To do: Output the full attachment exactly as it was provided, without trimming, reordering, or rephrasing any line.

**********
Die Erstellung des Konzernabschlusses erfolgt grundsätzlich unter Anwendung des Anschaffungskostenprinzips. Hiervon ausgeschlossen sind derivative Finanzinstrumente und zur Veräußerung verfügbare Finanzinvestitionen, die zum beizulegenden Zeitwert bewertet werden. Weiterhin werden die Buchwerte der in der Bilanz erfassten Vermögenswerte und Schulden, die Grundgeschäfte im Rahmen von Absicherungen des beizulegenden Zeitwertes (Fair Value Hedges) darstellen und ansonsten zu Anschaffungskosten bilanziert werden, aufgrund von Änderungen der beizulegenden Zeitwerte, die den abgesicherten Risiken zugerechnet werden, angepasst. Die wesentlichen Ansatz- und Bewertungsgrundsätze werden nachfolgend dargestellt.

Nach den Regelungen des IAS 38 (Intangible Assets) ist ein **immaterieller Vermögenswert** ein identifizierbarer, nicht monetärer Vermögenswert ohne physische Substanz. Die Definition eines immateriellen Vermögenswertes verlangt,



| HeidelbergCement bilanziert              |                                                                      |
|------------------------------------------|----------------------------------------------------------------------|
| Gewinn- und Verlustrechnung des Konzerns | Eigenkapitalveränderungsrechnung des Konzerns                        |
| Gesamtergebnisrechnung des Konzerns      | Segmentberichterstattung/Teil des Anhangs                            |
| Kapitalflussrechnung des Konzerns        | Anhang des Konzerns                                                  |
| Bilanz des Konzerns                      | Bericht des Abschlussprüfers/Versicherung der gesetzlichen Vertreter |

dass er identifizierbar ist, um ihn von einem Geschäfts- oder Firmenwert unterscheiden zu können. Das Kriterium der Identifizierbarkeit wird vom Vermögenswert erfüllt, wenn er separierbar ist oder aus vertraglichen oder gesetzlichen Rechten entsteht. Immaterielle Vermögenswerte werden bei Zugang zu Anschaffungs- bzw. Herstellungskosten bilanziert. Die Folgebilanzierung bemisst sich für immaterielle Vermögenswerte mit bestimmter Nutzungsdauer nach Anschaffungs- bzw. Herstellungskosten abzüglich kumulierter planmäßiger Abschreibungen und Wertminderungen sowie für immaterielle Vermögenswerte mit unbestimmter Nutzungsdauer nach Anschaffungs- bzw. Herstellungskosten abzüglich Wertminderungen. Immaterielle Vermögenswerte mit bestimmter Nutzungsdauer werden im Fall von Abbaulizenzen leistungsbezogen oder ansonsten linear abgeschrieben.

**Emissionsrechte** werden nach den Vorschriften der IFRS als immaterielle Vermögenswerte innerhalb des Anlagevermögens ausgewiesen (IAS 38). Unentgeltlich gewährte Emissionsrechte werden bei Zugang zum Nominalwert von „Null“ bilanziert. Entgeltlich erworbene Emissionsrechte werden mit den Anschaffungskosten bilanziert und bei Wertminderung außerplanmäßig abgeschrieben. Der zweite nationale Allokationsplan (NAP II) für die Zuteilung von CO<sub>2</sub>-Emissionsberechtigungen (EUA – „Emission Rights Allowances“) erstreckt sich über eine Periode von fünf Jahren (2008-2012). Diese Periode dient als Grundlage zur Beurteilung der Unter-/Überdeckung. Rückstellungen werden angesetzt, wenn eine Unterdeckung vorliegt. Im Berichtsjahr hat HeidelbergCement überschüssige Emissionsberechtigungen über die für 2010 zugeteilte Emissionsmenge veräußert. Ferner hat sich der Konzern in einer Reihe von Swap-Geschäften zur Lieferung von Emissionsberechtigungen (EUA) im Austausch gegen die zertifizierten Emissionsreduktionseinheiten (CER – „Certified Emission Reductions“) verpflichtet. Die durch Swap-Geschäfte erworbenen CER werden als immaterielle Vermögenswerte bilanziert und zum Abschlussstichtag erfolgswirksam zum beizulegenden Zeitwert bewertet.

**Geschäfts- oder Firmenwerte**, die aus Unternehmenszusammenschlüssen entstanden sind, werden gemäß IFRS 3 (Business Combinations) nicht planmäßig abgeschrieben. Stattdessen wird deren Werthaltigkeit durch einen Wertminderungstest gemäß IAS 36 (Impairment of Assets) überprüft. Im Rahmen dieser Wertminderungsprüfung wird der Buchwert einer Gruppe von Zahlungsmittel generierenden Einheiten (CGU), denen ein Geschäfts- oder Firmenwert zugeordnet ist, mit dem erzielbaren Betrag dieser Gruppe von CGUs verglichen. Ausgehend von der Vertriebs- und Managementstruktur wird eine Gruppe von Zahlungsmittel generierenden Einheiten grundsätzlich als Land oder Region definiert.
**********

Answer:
Die Erstellung des Konzernabschlusses erfolgt grundsätzlich unter Anwendung des Anschaffungskostenprinzips. Hiervon ausgeschlossen sind derivative Finanzinstrumente und zur Veräußerung verfügbare Finanzinvestitionen, die zum beizulegenden Zeitwert bewertet werden. Weiterhin werden die Buchwerte der in der Bilanz erfassten Vermögenswerte und Schulden, die Grundgeschäfte im Rahmen von Absicherungen des beizulegenden Zeitwertes (Fair Value Hedges) darstellen und ansonsten zu Anschaffungskosten bilanziert werden, aufgrund von Änderungen der beizulegenden Zeitwerte, die den abgesicherten Risiken zugerechnet werden, angepasst. Die wesentlichen Ansatz- und Bewertungsgrundsätze werden nachfolgend dargestellt.

Nach den Regelungen des IAS 38 (Intangible Assets) ist ein **immaterieller Vermögenswert** ein identifizierbarer, nicht monetärer Vermögenswert ohne physische Substanz. Die Definition eines immateriellen Vermögenswertes verlangt,



| HeidelbergCement bilanziert              |                                                                      |
|------------------------------------------|----------------------------------------------------------------------|
| Gewinn- und Verlustrechnung des Konzerns | Eigenkapitalveränderungsrechnung des Konzerns                        |
| Gesamtergebnisrechnung des Konzerns      | Segmentberichterstattung/Teil des Anhangs                            |
| Kapitalflussrechnung des Konzerns        | Anhang des Konzerns                                                  |
| Bilanz des Konzerns                      | Bericht des Abschlussprüfers/Versicherung der gesetzlichen Vertreter |

dass er identifizierbar ist, um ihn von einem Geschäfts- oder Firmenwert unterscheiden zu können. Das Kriterium der Identifizierbarkeit wird vom Vermögenswert erfüllt, wenn er separierbar ist oder aus vertraglichen oder gesetzlichen Rechten entsteht. Immaterielle Vermögenswerte werden bei Zugang zu Anschaffungs- bzw. Herstellungskosten bilanziert. Die Folgebilanzierung bemisst sich für immaterielle Vermögenswerte mit bestimmter Nutzungsdauer nach Anschaffungs- bzw. Herstellungskosten abzüglich kumulierter planmäßiger Abschreibungen und Wertminderungen sowie für immaterielle Vermögenswerte mit unbestimmter Nutzungsdauer nach Anschaffungs- bzw. Herstellungskosten abzüglich Wertminderungen. Immaterielle Vermögenswerte mit bestimmter Nutzungsdauer werden im Fall von Abbaulizenzen leistungsbezogen oder ansonsten linear abgeschrieben.

**Emissionsrechte** werden nach den Vorschriften der IFRS als immaterielle Vermögenswerte innerhalb des Anlagevermögens ausgewiesen (IAS 38). Unentgeltlich gewährte Emissionsrechte werden bei Zugang zum Nominalwert von „Null“ bilanziert. Entgeltlich erworbene Emissionsrechte werden mit den Anschaffungskosten bilanziert und bei Wertminderung außerplanmäßig abgeschrieben. Der zweite nationale Allokationsplan (NAP II) für die Zuteilung von CO<sub>2</sub>-Emissionsberechtigungen (EUA – „Emission Rights Allowances“) erstreckt sich über eine Periode von fünf Jahren (2008-2012). Diese Periode dient als Grundlage zur Beurteilung der Unter-/Überdeckung. Rückstellungen werden angesetzt, wenn eine Unterdeckung vorliegt. Im Berichtsjahr hat HeidelbergCement überschüssige Emissionsberechtigungen über die für 2010 zugeteilte Emissionsmenge veräußert. Ferner hat sich der Konzern in einer Reihe von Swap-Geschäften zur Lieferung von Emissionsberechtigungen (EUA) im Austausch gegen die zertifizierten Emissionsreduktionseinheiten (CER – „Certified Emission Reductions“) verpflichtet. Die durch Swap-Geschäfte erworbenen CER werden als immaterielle Vermögenswerte bilanziert und zum Abschlussstichtag erfolgswirksam zum beizulegenden Zeitwert bewertet.

**Geschäfts- oder Firmenwerte**, die aus Unternehmenszusammenschlüssen entstanden sind, werden gemäß IFRS 3 (Business Combinations) nicht planmäßig abgeschrieben. Stattdessen wird deren Werthaltigkeit durch einen Wertminderungstest gemäß IAS 36 (Impairment of Assets) überprüft. Im Rahmen dieser Wertminderungsprüfung wird der Buchwert einer Gruppe von Zahlungsmittel generierenden Einheiten (CGU), denen ein Geschäfts- oder Firmenwert zugeordnet ist, mit dem erzielbaren Betrag dieser Gruppe von CGUs verglichen. Ausgehend von der Vertriebs- und Managementstruktur wird eine Gruppe von Zahlungsmittel generierenden Einheiten grundsätzlich als Land oder Region definiert.